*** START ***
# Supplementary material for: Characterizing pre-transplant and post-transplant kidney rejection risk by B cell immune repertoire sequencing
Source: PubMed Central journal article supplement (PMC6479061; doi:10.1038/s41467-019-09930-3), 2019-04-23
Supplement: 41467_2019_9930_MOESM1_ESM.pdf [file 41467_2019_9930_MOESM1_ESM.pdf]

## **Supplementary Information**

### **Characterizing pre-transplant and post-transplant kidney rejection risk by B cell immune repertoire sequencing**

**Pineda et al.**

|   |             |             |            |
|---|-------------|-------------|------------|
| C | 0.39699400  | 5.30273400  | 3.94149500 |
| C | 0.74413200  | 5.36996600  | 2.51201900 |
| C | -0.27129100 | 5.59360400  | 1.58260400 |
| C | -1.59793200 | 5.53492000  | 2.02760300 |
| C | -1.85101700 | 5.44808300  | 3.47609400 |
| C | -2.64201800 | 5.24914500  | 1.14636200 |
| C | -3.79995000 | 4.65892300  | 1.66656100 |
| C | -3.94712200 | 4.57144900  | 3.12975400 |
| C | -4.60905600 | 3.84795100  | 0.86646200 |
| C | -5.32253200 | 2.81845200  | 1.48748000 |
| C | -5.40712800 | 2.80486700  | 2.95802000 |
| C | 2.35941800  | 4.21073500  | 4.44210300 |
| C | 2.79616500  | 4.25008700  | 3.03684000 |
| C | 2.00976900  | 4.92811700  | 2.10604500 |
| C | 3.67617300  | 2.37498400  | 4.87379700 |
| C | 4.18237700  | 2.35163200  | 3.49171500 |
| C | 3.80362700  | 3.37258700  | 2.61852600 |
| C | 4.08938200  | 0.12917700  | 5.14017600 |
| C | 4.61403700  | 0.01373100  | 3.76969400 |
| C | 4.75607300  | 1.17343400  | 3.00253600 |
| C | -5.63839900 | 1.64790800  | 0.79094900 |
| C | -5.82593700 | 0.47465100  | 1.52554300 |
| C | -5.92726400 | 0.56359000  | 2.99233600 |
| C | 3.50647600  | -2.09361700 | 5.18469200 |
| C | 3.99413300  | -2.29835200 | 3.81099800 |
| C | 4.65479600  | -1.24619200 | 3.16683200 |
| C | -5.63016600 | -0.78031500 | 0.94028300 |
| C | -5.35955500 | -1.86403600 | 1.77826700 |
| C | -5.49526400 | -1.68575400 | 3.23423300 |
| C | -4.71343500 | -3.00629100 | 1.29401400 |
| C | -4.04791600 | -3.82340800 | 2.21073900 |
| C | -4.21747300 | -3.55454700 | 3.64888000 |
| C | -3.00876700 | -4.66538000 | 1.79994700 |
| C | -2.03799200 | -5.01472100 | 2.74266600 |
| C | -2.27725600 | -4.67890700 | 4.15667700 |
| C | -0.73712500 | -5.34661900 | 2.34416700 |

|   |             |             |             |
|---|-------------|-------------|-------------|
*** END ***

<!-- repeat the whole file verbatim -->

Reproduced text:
# Supplementary material for: Characterizing pre-transplant and post-transplant kidney rejection risk by B cell immune repertoire sequencing
Source: PubMed Central journal article supplement (PMC6479061; doi:10.1038/s41467-019-09930-3), 2019-04-23
Supplement: 41467_2019_9930_MOESM1_ESM.pdf [file 41467_2019_9930_MOESM1_ESM.pdf]

## **Supplementary Information**

### **Characterizing pre-transplant and post-transplant kidney rejection risk by B cell immune repertoire sequencing**

**Pineda et al.**

|   |             |             |            |
|---|-------------|-------------|------------|
| C | 0.39699400  | 5.30273400  | 3.94149500 |
| C | 0.74413200  | 5.36996600  | 2.51201900 |
| C | -0.27129100 | 5.59360400  | 1.58260400 |
| C | -1.59793200 | 5.53492000  | 2.02760300 |
| C | -1.85101700 | 5.44808300  | 3.47609400 |
| C | -2.64201800 | 5.24914500  | 1.14636200 |
| C | -3.79995000 | 4.65892300  | 1.66656100 |
| C | -3.94712200 | 4.57144900  | 3.12975400 |
| C | -4.60905600 | 3.84795100  | 0.86646200 |
| C | -5.32253200 | 2.81845200  | 1.48748000 |
| C | -5.40712800 | 2.80486700  | 2.95802000 |
| C | 2.35941800  | 4.21073500  | 4.44210300 |
| C | 2.79616500  | 4.25008700  | 3.03684000 |
| C | 2.00976900  | 4.92811700  | 2.10604500 |
| C | 3.67617300  | 2.37498400  | 4.87379700 |
| C | 4.18237700  | 2.35163200  | 3.49171500 |
| C | 3.80362700  | 3.37258700  | 2.61852600 |
| C | 4.08938200  | 0.12917700  | 5.14017600 |
| C | 4.61403700  | 0.01373100  | 3.76969400 |
| C | 4.75607300  | 1.17343400  | 3.00253600 |
| C | -5.63839900 | 1.64790800  | 0.79094900 |
| C | -5.82593700 | 0.47465100  | 1.52554300 |
| C | -5.92726400 | 0.56359000  | 2.99233600 |
| C | 3.50647600  | -2.09361700 | 5.18469200 |
| C | 3.99413300  | -2.29835200 | 3.81099800 |
| C | 4.65479600  | -1.24619200 | 3.16683200 |
| C | -5.63016600 | -0.78031500 | 0.94028300 |
| C | -5.35955500 | -1.86403600 | 1.77826700 |
| C | -5.49526400 | -1.68575400 | 3.23423300 |
| C | -4.71343500 | -3.00629100 | 1.29401400 |
| C | -4.04791600 | -3.82340800 | 2.21073900 |
| C | -4.21747300 | -3.55454700 | 3.64888000 |
| C | -3.00876700 | -4.66538000 | 1.79994700 |
| C | -2.03799200 | -5.01472100 | 2.74266600 |
| C | -2.27725600 | -4.67890700 | 4.15667700 |
| C | -0.73712500 | -5.34661900 | 2.34416700 |

|   |             |             |             |
|---|-------------|-------------|-------------|